What nobody knew or anticipated from that debate, was that only a few weeks later, the members of the ISB would be offered, and would embrace, responsibility for the devising, timetabling, structuring, implementation and personal execution of the most complex and serious Case Review in the history of the Church, and moreover that they would attempt to do so at speed. The members of the ISB have many qualities and much experience; devising and conducting complex case reviews does not appear to feature within their past skill set. In no other national Institution would such a task be delegated to novices. At the Diocesan Synod at Oxford this weekend it was confirmed that the Dr Martyn Percy Case Review is the first such piece of work the Board and its members will have ever have attempted. This is not the case on which to “cut your teeth”.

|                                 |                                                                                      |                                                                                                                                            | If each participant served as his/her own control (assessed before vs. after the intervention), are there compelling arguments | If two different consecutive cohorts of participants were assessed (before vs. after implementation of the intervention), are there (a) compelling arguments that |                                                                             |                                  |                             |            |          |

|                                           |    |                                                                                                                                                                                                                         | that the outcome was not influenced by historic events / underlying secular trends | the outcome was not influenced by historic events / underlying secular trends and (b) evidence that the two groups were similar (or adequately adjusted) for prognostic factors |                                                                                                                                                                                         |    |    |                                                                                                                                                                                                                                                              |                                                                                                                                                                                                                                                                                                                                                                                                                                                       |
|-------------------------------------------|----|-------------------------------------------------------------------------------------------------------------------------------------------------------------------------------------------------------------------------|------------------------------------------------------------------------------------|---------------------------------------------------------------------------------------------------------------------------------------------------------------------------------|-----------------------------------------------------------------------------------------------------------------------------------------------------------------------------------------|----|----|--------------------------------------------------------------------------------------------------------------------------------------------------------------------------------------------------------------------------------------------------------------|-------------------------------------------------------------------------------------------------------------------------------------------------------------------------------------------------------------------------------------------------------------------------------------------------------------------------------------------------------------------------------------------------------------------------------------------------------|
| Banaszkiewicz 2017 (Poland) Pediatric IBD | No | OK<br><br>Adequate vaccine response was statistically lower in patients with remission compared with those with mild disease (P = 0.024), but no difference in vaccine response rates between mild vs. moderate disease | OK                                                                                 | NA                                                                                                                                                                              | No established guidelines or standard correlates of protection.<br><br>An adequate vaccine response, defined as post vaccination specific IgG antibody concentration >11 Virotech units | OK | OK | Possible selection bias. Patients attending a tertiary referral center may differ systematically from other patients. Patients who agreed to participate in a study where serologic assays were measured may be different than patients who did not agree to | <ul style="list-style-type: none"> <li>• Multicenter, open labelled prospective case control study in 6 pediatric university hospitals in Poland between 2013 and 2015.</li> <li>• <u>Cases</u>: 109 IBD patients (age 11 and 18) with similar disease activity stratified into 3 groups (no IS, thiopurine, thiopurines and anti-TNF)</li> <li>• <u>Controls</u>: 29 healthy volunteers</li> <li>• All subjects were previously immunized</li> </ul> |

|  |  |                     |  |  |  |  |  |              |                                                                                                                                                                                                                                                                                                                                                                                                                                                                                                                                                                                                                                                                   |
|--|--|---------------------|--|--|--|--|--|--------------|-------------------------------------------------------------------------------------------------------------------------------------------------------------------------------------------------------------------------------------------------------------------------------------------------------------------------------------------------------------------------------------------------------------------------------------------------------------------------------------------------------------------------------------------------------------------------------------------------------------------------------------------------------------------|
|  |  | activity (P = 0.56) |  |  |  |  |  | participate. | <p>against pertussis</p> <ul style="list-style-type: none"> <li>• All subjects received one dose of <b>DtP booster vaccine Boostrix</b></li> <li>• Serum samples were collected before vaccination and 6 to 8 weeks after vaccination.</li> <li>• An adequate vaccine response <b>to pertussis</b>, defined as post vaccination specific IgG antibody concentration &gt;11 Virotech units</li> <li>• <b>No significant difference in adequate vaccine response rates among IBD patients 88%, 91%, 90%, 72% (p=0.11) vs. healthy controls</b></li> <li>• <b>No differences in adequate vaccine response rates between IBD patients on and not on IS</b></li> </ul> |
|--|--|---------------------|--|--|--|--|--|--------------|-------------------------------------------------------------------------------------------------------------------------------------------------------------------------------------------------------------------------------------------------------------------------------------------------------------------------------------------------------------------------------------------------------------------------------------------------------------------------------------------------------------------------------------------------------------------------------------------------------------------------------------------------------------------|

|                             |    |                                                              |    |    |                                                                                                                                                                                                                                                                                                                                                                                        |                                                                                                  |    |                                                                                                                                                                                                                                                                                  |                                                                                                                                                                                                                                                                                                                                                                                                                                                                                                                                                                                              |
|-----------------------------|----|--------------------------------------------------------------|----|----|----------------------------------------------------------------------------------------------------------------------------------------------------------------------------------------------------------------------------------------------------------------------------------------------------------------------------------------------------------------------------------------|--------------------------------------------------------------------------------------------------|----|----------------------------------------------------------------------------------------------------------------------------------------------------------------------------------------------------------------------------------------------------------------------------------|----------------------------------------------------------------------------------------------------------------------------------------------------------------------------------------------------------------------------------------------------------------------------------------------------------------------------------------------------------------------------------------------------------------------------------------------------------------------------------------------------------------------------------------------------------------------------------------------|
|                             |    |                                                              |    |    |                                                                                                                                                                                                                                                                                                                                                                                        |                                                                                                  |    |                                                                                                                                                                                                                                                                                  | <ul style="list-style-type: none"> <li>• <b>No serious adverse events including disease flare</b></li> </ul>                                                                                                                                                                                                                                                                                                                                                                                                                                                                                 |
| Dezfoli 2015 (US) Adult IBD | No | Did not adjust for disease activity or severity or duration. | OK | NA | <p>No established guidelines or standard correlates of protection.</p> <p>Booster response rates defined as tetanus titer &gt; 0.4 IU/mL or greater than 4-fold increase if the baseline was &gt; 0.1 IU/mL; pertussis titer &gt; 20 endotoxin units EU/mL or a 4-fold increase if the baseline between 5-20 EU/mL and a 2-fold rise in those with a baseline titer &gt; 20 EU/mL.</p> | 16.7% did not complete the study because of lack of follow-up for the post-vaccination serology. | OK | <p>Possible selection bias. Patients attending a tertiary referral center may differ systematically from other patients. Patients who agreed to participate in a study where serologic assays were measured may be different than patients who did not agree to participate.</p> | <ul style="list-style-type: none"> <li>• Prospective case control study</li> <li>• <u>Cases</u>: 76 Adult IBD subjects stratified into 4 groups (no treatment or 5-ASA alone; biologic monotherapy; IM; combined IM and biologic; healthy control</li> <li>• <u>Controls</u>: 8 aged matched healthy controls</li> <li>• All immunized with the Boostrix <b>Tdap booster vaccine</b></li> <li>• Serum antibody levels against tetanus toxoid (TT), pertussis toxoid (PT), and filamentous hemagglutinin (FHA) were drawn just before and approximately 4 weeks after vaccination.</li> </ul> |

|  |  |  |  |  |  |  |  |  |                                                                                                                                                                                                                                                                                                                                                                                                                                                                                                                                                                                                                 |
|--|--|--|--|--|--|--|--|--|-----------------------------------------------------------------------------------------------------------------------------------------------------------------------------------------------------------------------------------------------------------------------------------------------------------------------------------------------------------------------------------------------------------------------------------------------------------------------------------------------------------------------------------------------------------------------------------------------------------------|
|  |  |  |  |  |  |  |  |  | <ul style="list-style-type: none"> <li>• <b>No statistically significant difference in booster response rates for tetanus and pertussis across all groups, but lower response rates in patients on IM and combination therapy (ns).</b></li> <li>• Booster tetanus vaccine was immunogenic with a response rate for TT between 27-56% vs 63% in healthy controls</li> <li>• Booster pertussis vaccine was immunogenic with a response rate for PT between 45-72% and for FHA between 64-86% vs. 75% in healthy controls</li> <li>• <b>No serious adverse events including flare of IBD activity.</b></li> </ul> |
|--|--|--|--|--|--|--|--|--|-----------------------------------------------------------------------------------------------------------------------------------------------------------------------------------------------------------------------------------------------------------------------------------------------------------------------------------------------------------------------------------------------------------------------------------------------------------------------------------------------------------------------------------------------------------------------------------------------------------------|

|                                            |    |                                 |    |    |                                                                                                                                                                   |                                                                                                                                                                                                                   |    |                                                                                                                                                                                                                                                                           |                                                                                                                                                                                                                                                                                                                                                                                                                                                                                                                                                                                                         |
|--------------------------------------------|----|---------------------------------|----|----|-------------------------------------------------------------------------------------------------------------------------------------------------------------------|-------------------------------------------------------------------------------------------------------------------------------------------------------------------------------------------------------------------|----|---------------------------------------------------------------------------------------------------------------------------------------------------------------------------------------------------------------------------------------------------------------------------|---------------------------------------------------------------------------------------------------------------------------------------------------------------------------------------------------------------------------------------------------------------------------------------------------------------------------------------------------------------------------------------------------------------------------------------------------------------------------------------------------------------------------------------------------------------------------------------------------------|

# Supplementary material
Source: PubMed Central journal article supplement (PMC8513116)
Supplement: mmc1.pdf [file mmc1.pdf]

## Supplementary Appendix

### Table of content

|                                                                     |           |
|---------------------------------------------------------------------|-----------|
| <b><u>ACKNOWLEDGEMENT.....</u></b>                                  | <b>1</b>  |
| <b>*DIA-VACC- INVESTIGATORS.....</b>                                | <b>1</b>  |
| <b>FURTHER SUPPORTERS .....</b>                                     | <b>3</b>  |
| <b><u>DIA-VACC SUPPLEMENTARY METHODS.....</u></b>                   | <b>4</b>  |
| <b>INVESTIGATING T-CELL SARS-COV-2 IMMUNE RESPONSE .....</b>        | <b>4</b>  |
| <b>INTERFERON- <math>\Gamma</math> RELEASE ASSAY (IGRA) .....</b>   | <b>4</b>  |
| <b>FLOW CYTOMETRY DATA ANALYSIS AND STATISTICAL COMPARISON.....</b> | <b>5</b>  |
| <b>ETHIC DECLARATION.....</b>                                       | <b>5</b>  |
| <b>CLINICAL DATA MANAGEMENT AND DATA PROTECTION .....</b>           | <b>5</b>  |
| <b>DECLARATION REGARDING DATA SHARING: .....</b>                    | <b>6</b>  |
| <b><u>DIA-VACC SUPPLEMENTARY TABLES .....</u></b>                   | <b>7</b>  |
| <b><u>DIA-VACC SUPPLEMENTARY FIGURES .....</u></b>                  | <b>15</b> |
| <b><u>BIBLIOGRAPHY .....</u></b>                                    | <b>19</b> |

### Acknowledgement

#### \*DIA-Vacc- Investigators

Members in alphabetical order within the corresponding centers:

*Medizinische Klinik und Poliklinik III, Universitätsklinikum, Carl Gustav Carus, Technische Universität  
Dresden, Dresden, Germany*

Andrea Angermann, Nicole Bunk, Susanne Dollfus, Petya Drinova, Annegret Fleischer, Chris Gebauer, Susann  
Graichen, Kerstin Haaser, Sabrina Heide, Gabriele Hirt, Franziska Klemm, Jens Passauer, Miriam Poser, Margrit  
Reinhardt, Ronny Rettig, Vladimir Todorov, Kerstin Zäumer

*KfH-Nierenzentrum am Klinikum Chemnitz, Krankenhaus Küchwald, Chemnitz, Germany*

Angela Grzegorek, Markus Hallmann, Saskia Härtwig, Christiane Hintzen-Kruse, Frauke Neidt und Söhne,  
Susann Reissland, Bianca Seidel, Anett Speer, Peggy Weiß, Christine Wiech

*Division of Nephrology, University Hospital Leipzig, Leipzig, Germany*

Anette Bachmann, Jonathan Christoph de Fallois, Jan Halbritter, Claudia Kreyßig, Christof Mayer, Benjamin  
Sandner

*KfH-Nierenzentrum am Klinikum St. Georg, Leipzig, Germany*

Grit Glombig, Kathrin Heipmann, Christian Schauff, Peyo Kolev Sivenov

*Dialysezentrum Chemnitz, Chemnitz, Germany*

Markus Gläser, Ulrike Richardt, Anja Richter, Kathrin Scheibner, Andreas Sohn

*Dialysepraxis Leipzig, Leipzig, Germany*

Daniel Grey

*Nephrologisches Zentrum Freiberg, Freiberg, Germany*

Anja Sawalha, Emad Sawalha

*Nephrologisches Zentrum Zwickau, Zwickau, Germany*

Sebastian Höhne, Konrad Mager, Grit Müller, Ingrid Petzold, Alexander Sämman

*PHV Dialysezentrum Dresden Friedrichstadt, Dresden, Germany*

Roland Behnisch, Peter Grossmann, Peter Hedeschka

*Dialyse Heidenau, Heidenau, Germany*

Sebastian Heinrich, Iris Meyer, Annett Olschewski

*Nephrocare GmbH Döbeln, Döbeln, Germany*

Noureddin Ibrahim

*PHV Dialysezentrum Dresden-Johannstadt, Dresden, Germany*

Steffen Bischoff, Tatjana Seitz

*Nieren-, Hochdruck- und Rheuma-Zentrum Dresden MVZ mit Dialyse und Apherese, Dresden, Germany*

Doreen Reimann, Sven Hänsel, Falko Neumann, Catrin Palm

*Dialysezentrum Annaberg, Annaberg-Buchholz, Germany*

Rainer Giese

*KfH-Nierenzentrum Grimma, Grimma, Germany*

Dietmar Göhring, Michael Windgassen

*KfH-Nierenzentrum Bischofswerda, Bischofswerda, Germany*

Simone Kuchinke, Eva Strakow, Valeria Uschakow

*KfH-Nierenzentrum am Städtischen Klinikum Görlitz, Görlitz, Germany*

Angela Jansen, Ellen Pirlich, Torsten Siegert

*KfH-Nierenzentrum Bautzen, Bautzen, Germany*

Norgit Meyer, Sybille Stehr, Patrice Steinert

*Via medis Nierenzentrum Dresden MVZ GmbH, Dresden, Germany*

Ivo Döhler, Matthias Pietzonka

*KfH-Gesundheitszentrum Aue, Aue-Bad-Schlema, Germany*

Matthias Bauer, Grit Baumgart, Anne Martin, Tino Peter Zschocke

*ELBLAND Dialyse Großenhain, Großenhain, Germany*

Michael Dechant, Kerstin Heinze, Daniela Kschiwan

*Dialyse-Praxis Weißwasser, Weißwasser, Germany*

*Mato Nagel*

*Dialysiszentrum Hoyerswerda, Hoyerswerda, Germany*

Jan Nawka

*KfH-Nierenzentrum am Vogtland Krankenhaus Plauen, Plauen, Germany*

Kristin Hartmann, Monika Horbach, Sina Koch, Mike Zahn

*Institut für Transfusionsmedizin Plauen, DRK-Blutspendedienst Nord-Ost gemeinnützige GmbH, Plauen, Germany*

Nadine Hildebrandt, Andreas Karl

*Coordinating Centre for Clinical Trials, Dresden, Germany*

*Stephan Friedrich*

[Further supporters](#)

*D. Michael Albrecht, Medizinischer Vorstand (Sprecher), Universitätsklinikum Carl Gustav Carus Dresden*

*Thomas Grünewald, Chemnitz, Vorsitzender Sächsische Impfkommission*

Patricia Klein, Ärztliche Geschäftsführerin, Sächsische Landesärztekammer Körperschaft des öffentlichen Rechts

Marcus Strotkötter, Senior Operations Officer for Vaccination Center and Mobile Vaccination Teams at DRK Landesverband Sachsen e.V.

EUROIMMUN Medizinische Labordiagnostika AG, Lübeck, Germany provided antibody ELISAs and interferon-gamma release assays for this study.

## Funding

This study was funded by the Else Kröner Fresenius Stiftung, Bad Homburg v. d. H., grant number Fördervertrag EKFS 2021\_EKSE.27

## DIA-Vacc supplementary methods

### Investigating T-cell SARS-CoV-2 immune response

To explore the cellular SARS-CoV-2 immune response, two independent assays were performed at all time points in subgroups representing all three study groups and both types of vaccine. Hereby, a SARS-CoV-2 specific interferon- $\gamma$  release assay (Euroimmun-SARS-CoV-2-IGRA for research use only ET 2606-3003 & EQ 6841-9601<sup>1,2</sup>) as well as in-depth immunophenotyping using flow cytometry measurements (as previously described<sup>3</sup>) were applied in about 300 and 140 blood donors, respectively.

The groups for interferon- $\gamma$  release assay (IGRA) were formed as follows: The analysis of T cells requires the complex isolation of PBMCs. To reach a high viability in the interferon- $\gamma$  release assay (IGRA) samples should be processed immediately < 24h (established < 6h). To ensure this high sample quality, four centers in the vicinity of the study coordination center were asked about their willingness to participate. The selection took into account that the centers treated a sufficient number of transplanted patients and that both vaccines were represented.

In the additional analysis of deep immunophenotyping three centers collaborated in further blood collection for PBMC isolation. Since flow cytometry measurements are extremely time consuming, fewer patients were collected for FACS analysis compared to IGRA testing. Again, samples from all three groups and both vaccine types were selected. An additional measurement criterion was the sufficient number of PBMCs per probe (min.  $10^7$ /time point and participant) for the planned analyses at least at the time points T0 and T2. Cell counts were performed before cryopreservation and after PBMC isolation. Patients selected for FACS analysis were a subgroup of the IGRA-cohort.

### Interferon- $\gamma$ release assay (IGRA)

Put simply, this is a disaster waiting to happen for the reasons contained in our detailed letter. It is especially troubling if, as we understand, the Percy case is not the only matter pressed upon the ISB at short notice.
The ISB needs to be established with the confidence of all parties, and that is unlikely to be the case given the way these reviews are being hurriedly constructed. There is no shame in having second thoughts which we urge you to undertake without delay, asking the ISB to pause its work in this field whilst our objections are evaluated by all concerned. It is essential that the ISB is established with confidence in its independence, constitution, integrity and competence. That confidence must be built on sure foundations if it is to fulfil the role intended for it. Our questions are designed to help Archbishops’ Council review the problem areas to give the ISB its best opportunity to become what we all want it to be.